Prevalence of type 2 diabetes among Veterans is >25%, compared to that of general population. In US, 84.1 million adults have prediabetes (33.9% population). Among them 23.1 million adults are aged 65 or older. Prediabetes is an intermediate condition with blood glucose levels just above normoglycemia and diabetes, have a higher risk of developing T2DM and associated pathophysiology. The diagnostic criteria for diabetes according to American Diabetes Association (ADA) include impaired fasting glucose (IFG) with fasting glucose between 100 and 125; impaired glucose tolerance (IGT) with 2-hour post prandial glucose between 140 - 199 mg/dl (7.8 - 11.0 mmol/l) or hemoglobin A1C (HbA1C) between 5.7 and 6.4. Prediabetes is increasingly prevalent and is associated with adverse cardiovascular risk, in addition to be high risk of progression to diabetes. Framingham study noted that individuals with early-onset prediabetes, despite lifelong avoidance of overt diabetes, had greater propensity for death due to cardiovascular or coronary versus non-cardiovascular disease compared with those who maintained lifelong normal glucose status . Obesity and overweight are high among Veterans with obesity rates of 41% and overweight of 37%. The primary objectives of this study were to evaluate the rate of progression of prediabetes to diabetes and associated conditions and or risk factors for that.
Design: Single center, retrospective study done at William Jennings Bryan Dorn Veteran Hospital in Columbia SC. This study of prediabetes (hemoglobin A1C between 5.7 and 6.4) progression to diabetes, included all available subjects with prediabetes between January 2008 to June 2019 with exclusion of subjects with diabetes with low HbA1C and on glucose lowering medications for diabetes. The data for this study was collected utilizing computerized patient record system (CPRS) based on hemoglobin A1C who qualifies for prediabetes and without a diagnosis of diabetes, after approval by institutional review board (IRB) as well as research and development board.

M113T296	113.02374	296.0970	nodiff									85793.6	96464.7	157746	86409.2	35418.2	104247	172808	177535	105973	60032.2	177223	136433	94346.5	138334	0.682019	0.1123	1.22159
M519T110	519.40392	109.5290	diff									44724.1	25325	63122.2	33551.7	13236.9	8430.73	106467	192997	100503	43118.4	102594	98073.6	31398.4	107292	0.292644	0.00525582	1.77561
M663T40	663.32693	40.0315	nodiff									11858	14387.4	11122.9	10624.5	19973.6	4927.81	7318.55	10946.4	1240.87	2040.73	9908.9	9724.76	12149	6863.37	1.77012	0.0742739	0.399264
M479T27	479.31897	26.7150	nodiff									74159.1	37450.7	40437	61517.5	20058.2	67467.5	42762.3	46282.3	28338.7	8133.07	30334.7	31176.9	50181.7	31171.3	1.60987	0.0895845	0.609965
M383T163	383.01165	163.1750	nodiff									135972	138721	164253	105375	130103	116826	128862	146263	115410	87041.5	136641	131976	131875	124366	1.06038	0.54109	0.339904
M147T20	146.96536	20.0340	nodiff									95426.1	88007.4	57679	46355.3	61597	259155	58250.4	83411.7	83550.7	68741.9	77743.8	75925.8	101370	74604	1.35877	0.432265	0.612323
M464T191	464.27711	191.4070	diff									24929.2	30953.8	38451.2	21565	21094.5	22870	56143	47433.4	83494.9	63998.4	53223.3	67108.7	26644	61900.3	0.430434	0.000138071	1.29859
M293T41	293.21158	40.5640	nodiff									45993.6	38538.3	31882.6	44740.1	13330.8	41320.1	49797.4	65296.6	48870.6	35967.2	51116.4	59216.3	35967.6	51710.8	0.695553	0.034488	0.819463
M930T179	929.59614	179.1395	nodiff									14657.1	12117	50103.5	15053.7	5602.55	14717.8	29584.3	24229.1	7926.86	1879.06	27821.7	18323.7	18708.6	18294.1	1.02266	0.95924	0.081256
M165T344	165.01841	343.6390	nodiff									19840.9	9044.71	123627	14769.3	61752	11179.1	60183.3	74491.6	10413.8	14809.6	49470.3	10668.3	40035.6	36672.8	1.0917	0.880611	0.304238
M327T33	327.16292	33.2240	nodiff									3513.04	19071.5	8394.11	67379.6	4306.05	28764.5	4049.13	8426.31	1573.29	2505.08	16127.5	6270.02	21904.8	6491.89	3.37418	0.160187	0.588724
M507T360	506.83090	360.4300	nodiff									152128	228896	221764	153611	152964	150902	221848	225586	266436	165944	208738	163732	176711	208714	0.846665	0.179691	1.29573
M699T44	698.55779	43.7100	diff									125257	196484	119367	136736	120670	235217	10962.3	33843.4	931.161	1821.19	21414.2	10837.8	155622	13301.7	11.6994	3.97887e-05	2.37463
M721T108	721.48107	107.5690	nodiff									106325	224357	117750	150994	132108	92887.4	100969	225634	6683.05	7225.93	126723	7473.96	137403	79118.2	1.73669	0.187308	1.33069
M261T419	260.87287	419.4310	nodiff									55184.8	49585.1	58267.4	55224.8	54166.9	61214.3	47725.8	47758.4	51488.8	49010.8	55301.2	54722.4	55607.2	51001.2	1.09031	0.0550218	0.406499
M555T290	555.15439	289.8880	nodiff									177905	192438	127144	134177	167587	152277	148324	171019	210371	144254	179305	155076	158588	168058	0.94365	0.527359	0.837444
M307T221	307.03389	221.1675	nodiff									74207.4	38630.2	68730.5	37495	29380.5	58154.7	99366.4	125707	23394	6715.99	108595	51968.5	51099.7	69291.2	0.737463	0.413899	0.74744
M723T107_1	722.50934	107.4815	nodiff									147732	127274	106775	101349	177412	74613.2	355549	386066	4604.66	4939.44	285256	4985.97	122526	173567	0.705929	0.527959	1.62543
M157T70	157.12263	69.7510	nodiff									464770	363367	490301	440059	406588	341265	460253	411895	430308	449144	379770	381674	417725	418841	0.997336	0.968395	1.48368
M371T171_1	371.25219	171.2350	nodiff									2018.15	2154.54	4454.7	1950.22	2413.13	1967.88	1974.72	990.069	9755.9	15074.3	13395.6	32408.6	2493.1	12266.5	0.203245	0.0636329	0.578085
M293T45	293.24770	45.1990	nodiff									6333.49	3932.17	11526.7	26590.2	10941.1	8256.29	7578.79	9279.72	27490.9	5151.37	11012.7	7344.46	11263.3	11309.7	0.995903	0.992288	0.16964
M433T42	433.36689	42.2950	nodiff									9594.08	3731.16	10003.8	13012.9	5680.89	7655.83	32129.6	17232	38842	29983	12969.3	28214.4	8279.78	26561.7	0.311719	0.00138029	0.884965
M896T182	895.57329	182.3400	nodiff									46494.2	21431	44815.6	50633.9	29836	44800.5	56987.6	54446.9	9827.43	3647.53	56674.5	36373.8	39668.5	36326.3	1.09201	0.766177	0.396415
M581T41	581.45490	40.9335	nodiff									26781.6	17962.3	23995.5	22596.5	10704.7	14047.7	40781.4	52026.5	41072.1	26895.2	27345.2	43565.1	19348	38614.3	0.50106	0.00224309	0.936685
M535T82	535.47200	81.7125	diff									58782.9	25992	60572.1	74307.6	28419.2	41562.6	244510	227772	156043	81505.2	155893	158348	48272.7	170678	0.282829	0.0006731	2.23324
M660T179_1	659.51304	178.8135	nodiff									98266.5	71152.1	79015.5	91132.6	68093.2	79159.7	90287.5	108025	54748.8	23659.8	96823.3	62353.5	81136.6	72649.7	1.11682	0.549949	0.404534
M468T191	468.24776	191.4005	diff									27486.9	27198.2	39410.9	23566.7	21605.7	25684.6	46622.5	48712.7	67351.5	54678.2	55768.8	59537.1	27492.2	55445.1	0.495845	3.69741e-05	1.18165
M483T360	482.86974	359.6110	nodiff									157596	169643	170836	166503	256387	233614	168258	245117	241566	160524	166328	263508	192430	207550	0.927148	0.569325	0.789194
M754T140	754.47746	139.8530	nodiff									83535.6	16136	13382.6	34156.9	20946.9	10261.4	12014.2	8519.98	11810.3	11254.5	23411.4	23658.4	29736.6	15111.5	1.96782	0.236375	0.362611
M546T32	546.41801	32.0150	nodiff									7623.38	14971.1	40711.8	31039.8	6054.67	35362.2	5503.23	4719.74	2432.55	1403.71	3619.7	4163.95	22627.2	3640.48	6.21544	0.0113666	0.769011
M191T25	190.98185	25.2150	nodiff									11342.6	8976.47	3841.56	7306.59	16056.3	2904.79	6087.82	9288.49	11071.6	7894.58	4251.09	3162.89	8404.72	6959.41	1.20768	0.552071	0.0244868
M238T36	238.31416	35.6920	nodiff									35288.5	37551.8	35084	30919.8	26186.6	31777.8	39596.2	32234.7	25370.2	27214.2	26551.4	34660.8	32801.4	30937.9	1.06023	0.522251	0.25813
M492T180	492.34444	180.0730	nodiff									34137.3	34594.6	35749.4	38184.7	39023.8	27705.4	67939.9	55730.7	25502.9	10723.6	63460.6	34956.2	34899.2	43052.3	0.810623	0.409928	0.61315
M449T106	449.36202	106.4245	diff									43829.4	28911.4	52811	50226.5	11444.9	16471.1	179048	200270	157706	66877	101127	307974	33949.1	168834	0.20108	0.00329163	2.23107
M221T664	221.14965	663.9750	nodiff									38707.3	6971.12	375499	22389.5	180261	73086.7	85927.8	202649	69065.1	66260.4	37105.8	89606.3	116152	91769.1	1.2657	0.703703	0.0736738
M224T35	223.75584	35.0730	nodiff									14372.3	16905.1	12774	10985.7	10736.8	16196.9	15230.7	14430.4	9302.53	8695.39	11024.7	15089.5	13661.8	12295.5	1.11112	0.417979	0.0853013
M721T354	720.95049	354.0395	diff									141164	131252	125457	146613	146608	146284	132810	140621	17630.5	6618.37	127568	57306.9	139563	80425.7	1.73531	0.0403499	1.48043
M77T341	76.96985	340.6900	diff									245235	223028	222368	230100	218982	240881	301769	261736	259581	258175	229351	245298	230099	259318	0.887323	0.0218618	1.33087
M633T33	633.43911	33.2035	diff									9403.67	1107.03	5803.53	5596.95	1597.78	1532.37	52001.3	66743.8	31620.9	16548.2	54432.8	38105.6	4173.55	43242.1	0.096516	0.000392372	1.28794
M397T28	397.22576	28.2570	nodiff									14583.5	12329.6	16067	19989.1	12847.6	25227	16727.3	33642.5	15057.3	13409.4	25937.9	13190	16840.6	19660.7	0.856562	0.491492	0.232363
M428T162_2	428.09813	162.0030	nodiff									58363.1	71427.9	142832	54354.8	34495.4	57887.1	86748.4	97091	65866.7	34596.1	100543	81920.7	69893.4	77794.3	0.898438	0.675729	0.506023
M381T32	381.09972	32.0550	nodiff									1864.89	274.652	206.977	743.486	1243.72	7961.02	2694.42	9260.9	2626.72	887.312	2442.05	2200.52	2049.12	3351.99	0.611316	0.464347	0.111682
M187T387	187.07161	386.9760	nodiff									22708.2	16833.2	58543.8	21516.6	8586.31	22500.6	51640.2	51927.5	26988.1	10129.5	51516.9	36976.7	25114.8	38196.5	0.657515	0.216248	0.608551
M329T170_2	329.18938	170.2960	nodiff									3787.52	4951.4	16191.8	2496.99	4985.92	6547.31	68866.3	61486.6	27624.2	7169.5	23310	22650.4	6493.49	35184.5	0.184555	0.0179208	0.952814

3. Statistical Analysis
Data are expressed as mean ± SD (standard deviation). Continuous variables were compared using Student’s t test. Statistical significance was considered at p < 0.05. The rate of progression to diabetes was carried out for each follow up year.
Data was available for 72,604 subjects. Among them 10,710 subjects did not have follow up HbA1C or other labs. The baseline data of all subjects is shown in Table 1. Follow-up data is available for 61,894 subjects. Among those who had follow up, 21,954 (35%) progressed to diabetes, while 39,940 (65%) remained as prediabetic. The comparative data of those progressed and who did not progress is shown in Table 2. Time interval for progression was at a mean of 831 days with range of 90 days to 3727 days. Most of those progressed to diabetes (about 60% of those progressed) are within 2 years from baseline as shown in Graph 1. The mean age of subjects who progressed to diabetes is 69 with HbA1C of 6.15 compared to the mean age of 66 in those who did not progress. Progression to diabetes negatively correlated with HbA1C (r = 0.34; p < 0.001). Associated other risks include VMI, hypertension and atherosclerotic cardiovascular disease as shown in Table 3.
Table 1. Baseline data of all subjects with prediabetes.
HTN: hypertension; ASCVD: atherosclerotic cardiovascular disease; BMI: Body mass index (kg/m2).